When Randolph Falls Hard
By: Sherwood Strauss
This is when the inevitable becomes unbearable. Deep down, we knew Anthony Randolph had to get hurt. He’s all arms and legs, flying around with Gerald Wallace like reckless abandon. Though incredibly coordinated with the ball, he’s anything but when falling (um, flailing) to the floor. He’s a gymnast who can’t stick a landing, a cat who falls on his back. This twisted ankle hurts because it makes us consciously accept the hard reality of what we all subconsciously knew: This dude will be injury prone on a team with a bad injury track record.
So the torn ligature bodes badly for the distant future, but it’s also terrible for the here and now. It’s because Randolph became the guy to watch. In meaningless games, on a directionless team, AR brought the drama. Every ill-fated stumble made me cringe as I expected Don Nelson to yank the kid. When Anthony Randolph anxiously turned his head benchwards, I felt genuine dread.
My worry over Nellie’s handling of Randolph made me pull harder for his success. He needed to outplay the other guys just to get half his fair minute share. By some metrics, Randolph’s done that to the tune of becoming our best or second best player. Numbers haven’t swayed the old man though, possibly because Randolph’s mistakes are so discordant (Note: Coming up with logical reasons for Nellie decisions is dangerous, don’t try this at home!). I’ve heard AR has a ‘bad basketball IQ,’ but that’s not altogether right. Anthony Randolph makes some brilliant plays and sometimes sees angles other big men miss. But his screw-ups are so freakishly terrible; you’d almost have to plan to replicate them.
I went to the nationally televised Warriors-Wizards game and witnessed the most Randolphian performance yet. It began with Nellie’s ritual embarrassment of the kid (D-Leaguer Chris Hunter started). When AR checked in, he started bricking shots like pre-2009 Josh Smith. The crowd tensed up, some people shouted for him to stop. I half-considered ditching Oracle for an International Ave. taco truck.
The Wizards missed a three; Anthony Randolph launched into the air and snatched the rebound over Stephen Curry’s head. He started dribbling down the floor as I braced for a comical turnover. Then Randolph turned Andray Blatche around with a sick crossover near half court and you could hear the crowd ‘Oooo’ just a little. Anthony dribbled all the way to the three-point line and absolutely whipped a pass between two converging defenders. Little CJ Watson got the easy layup, in what was an inversion of how basketball works.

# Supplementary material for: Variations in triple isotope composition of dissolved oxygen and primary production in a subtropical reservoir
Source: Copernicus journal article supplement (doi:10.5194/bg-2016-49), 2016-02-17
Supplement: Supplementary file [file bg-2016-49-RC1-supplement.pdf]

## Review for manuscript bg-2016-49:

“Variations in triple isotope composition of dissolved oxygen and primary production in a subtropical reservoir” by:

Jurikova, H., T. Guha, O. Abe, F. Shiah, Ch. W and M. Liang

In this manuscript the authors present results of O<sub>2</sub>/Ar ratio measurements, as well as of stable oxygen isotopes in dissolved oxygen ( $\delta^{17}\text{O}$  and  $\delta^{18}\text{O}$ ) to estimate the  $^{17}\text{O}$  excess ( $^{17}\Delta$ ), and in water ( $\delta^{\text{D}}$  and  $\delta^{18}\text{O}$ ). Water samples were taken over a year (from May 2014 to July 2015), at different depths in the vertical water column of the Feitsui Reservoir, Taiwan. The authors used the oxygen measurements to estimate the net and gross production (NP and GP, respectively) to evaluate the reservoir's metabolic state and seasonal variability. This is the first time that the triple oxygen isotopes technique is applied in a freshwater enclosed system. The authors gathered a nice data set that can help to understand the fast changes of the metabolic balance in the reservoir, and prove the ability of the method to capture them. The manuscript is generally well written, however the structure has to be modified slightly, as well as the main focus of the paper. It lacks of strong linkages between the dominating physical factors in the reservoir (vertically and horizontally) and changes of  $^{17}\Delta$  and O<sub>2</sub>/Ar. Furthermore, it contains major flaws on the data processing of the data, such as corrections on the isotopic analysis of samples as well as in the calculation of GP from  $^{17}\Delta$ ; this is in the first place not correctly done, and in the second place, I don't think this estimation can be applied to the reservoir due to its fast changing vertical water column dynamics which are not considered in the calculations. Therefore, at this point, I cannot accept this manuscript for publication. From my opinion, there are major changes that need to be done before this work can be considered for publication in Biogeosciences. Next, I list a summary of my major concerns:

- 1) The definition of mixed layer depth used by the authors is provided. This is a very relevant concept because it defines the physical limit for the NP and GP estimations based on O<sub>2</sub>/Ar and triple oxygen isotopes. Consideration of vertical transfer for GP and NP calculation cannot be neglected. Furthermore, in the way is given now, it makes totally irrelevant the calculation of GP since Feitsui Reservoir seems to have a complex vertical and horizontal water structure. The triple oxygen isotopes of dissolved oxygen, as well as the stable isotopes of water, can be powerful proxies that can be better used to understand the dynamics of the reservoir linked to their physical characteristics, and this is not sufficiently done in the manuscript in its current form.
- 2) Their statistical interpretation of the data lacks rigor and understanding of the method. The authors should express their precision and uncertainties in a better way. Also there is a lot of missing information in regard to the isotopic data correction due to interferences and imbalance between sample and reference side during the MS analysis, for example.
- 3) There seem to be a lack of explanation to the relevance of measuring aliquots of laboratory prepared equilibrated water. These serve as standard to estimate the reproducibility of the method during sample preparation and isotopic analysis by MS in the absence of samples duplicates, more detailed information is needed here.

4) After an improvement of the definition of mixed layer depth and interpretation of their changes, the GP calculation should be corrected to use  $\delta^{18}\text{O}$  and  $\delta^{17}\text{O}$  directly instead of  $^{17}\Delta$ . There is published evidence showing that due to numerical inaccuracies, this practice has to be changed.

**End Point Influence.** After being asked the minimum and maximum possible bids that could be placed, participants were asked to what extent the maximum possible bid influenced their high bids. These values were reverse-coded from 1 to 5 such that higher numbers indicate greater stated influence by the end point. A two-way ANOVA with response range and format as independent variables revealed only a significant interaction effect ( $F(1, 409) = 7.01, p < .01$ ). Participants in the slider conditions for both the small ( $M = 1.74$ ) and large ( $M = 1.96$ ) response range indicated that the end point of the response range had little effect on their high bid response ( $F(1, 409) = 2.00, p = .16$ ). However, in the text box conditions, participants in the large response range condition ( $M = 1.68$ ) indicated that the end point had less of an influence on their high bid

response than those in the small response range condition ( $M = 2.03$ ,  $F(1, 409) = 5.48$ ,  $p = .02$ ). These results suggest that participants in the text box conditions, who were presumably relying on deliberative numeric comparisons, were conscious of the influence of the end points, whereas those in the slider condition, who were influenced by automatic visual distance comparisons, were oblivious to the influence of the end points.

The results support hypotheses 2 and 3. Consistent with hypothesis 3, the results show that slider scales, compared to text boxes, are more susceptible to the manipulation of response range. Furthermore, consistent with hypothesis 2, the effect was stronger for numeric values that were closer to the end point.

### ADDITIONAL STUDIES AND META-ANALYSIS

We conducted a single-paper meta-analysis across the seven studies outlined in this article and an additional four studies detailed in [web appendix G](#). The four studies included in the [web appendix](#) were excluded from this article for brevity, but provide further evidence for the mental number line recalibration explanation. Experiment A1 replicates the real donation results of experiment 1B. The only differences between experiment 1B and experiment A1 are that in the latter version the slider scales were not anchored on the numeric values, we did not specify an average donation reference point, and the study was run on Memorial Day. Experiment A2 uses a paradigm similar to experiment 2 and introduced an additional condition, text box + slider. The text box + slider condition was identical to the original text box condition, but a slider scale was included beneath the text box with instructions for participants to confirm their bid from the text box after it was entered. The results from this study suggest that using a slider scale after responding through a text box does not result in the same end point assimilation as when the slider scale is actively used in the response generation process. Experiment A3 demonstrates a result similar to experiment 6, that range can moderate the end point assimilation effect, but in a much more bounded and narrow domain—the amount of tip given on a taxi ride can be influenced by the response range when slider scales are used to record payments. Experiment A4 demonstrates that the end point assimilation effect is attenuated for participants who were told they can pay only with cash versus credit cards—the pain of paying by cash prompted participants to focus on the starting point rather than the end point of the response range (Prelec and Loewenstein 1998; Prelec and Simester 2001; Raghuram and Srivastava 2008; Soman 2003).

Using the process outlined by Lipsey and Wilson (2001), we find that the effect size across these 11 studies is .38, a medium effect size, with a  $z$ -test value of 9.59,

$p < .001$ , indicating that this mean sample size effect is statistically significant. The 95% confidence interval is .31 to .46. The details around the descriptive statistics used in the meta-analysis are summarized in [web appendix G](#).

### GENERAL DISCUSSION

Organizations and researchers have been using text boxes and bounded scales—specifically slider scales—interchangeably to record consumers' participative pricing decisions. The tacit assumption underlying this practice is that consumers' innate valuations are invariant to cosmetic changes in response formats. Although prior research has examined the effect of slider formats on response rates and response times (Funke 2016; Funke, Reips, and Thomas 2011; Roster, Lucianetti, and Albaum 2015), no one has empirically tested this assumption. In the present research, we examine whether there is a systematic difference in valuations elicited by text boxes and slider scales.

One of the reasons I love live basketball is that you can hear thousands of people react inadvertently. An impressive play leads to a completely visceral, unintentional warble. I wish letters could accurately convey it—the best I can do is this: The noise sounds like a sped-up rumble. Randolph’s pass prompted the speed rumble because a) it seemingly came out of nowhere, and b) was slung so hard the ball had a visual trail on it—the kind you only see in baseball or tennis.
Later in the game, Randolph dribbled the ball inbounds. That doesn’t sound bad, except for the part about how he was supposed to throw an inbounds pass on the play. The gaffe fit perfectly into Randolph’s rollercoaster evening, a night culminating in defeat at the hands of a team that will forever be known for cards and guns chaos. Here’s my list of Randolph moments from the game:
Awful: Bricking three straight jumpers, dribbling what was supposed to be a damned inbounds pass; ‘blocking’ a lame-duck shot that had fallen below the rim
Awesome: The aforementioned light-speed pass, somehow dunking his own missed floater, shaking Blatche ‘And One’ style for a glorious spinning layup, cramming a Vlad Rad brick over the whole Wizards team.
And I was entertained. Doesn’t sound important, but why the hell else should people keep caring about this woeful team? The 20 year old scratching the surface of his potential amid Nellie insanity was the most compelling storyline of the year. With Randolph out two months, the very nature of how I watch these games is altered. Gone is my exasperation at seeing scrubs play in front of him, disappeared is my childish emotional stock in his success—maybe I’ll even stop sarcastically cheering Vlad Rad. For now, Curry and Monta are the ones to watch on what has become a nearly unwatchable team. Long live the Cartier Martin Era.
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